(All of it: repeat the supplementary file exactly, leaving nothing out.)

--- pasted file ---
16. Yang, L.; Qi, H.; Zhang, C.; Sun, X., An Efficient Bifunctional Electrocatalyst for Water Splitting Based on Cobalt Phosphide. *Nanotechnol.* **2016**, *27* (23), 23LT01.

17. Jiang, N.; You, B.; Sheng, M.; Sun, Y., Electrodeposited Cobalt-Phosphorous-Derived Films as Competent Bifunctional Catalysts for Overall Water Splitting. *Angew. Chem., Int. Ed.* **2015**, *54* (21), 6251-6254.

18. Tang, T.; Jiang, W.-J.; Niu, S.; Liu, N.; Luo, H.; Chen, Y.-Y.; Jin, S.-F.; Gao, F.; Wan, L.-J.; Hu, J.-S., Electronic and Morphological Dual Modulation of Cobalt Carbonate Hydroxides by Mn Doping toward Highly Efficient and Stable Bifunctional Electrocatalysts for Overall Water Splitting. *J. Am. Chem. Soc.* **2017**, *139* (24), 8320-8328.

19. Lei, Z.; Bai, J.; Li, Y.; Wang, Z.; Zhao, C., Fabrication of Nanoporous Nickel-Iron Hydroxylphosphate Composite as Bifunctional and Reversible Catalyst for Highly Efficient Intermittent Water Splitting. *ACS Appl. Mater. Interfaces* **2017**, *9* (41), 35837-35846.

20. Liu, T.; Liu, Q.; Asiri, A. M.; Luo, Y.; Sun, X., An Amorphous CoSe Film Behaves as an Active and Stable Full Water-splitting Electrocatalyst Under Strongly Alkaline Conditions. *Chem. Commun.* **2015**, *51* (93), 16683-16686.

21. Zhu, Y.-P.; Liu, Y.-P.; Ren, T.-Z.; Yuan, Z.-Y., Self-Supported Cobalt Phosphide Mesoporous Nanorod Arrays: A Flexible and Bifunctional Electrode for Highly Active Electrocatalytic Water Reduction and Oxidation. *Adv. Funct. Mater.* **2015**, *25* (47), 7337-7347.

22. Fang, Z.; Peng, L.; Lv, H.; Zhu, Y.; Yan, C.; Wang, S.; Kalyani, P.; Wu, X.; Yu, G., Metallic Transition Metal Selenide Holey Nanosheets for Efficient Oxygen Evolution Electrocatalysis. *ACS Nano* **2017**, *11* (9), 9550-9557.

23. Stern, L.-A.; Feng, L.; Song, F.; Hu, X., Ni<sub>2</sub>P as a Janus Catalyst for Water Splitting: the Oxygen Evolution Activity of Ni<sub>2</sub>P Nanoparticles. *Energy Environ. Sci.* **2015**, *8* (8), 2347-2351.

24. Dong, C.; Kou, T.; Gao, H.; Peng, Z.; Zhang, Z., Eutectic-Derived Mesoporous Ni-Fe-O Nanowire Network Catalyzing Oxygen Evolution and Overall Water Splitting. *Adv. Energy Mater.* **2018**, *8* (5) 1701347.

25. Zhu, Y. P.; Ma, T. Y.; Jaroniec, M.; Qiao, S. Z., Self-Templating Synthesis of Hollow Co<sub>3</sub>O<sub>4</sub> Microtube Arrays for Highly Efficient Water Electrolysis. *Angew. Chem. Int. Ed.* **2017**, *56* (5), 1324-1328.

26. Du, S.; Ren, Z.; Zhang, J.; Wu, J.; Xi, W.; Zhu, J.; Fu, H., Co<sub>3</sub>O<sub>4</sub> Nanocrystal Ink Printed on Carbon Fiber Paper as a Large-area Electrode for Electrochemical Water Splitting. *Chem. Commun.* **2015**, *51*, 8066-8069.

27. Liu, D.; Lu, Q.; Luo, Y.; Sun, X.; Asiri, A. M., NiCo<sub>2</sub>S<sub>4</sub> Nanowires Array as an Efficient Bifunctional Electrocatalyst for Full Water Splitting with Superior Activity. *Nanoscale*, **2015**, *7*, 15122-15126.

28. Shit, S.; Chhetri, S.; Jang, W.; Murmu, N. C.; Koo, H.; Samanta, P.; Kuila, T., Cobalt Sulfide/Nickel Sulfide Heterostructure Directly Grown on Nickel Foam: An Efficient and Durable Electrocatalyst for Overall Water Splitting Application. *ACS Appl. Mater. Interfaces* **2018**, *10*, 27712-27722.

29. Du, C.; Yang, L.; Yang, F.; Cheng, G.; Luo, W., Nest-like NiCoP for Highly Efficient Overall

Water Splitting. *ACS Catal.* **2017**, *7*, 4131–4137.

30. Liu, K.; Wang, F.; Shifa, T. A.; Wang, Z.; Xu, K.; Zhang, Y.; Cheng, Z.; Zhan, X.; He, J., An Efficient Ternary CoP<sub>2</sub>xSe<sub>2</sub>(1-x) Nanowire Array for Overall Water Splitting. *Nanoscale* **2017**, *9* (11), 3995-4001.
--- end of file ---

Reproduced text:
16. Yang, L.; Qi, H.; Zhang, C.; Sun, X., An Efficient Bifunctional Electrocatalyst for Water Splitting Based on Cobalt Phosphide. *Nanotechnol.* **2016**, *27* (23), 23LT01.

17. Jiang, N.; You, B.; Sheng, M.; Sun, Y., Electrodeposited Cobalt-Phosphorous-Derived Films as Competent Bifunctional Catalysts for Overall Water Splitting. *Angew. Chem., Int. Ed.* **2015**, *54* (21), 6251-6254.

18. Tang, T.; Jiang, W.-J.; Niu, S.; Liu, N.; Luo, H.; Chen, Y.-Y.; Jin, S.-F.; Gao, F.; Wan, L.-J.; Hu, J.-S., Electronic and Morphological Dual Modulation of Cobalt Carbonate Hydroxides by Mn Doping toward Highly Efficient and Stable Bifunctional Electrocatalysts for Overall Water Splitting. *J. Am. Chem. Soc.* **2017**, *139* (24), 8320-8328.

19. Lei, Z.; Bai, J.; Li, Y.; Wang, Z.; Zhao, C., Fabrication of Nanoporous Nickel-Iron Hydroxylphosphate Composite as Bifunctional and Reversible Catalyst for Highly Efficient Intermittent Water Splitting. *ACS Appl. Mater. Interfaces* **2017**, *9* (41), 35837-35846.

20. Liu, T.; Liu, Q.; Asiri, A. M.; Luo, Y.; Sun, X., An Amorphous CoSe Film Behaves as an Active and Stable Full Water-splitting Electrocatalyst Under Strongly Alkaline Conditions. *Chem. Commun.* **2015**, *51* (93), 16683-16686.

21. Zhu, Y.-P.; Liu, Y.-P.; Ren, T.-Z.; Yuan, Z.-Y., Self-Supported Cobalt Phosphide Mesoporous Nanorod Arrays: A Flexible and Bifunctional Electrode for Highly Active Electrocatalytic Water Reduction and Oxidation. *Adv. Funct. Mater.* **2015**, *25* (47), 7337-7347.

22. Fang, Z.; Peng, L.; Lv, H.; Zhu, Y.; Yan, C.; Wang, S.; Kalyani, P.; Wu, X.; Yu, G., Metallic Transition Metal Selenide Holey Nanosheets for Efficient Oxygen Evolution Electrocatalysis. *ACS Nano* **2017**, *11* (9), 9550-9557.

23. Stern, L.-A.; Feng, L.; Song, F.; Hu, X., Ni<sub>2</sub>P as a Janus Catalyst for Water Splitting: the Oxygen Evolution Activity of Ni<sub>2</sub>P Nanoparticles. *Energy Environ. Sci.* **2015**, *8* (8), 2347-2351.

24. Dong, C.; Kou, T.; Gao, H.; Peng, Z.; Zhang, Z., Eutectic-Derived Mesoporous Ni-Fe-O Nanowire Network Catalyzing Oxygen Evolution and Overall Water Splitting. *Adv. Energy Mater.* **2018**, *8* (5) 1701347.

25. Zhu, Y. P.; Ma, T. Y.; Jaroniec, M.; Qiao, S. Z., Self-Templating Synthesis of Hollow Co<sub>3</sub>O<sub>4</sub> Microtube Arrays for Highly Efficient Water Electrolysis. *Angew. Chem. Int. Ed.* **2017**, *56* (5), 1324-1328.

26. Du, S.; Ren, Z.; Zhang, J.; Wu, J.; Xi, W.; Zhu, J.; Fu, H., Co<sub>3</sub>O<sub>4</sub> Nanocrystal Ink Printed on Carbon Fiber Paper as a Large-area Electrode for Electrochemical Water Splitting. *Chem. Commun.* **2015**, *51*, 8066-8069.

27. Liu, D.; Lu, Q.; Luo, Y.; Sun, X.; Asiri, A. M., NiCo<sub>2</sub>S<sub>4</sub> Nanowires Array as an Efficient Bifunctional Electrocatalyst for Full Water Splitting with Superior Activity. *Nanoscale*, **2015**, *7*, 15122-15126.

28. Shit, S.; Chhetri, S.; Jang, W.; Murmu, N. C.; Koo, H.; Samanta, P.; Kuila, T., Cobalt Sulfide/Nickel Sulfide Heterostructure Directly Grown on Nickel Foam: An Efficient and Durable Electrocatalyst for Overall Water Splitting Application. *ACS Appl. Mater. Interfaces* **2018**, *10*, 27712-27722.

29. Du, C.; Yang, L.; Yang, F.; Cheng, G.; Luo, W., Nest-like NiCoP for Highly Efficient Overall

Water Splitting. *ACS Catal.* **2017**, *7*, 4131–4137.

30. Liu, K.; Wang, F.; Shifa, T. A.; Wang, Z.; Xu, K.; Zhang, Y.; Cheng, Z.; Zhan, X.; He, J., An Efficient Ternary CoP<sub>2</sub>xSe<sub>2</sub>(1-x) Nanowire Array for Overall Water Splitting. *Nanoscale* **2017**, *9* (11), 3995-4001.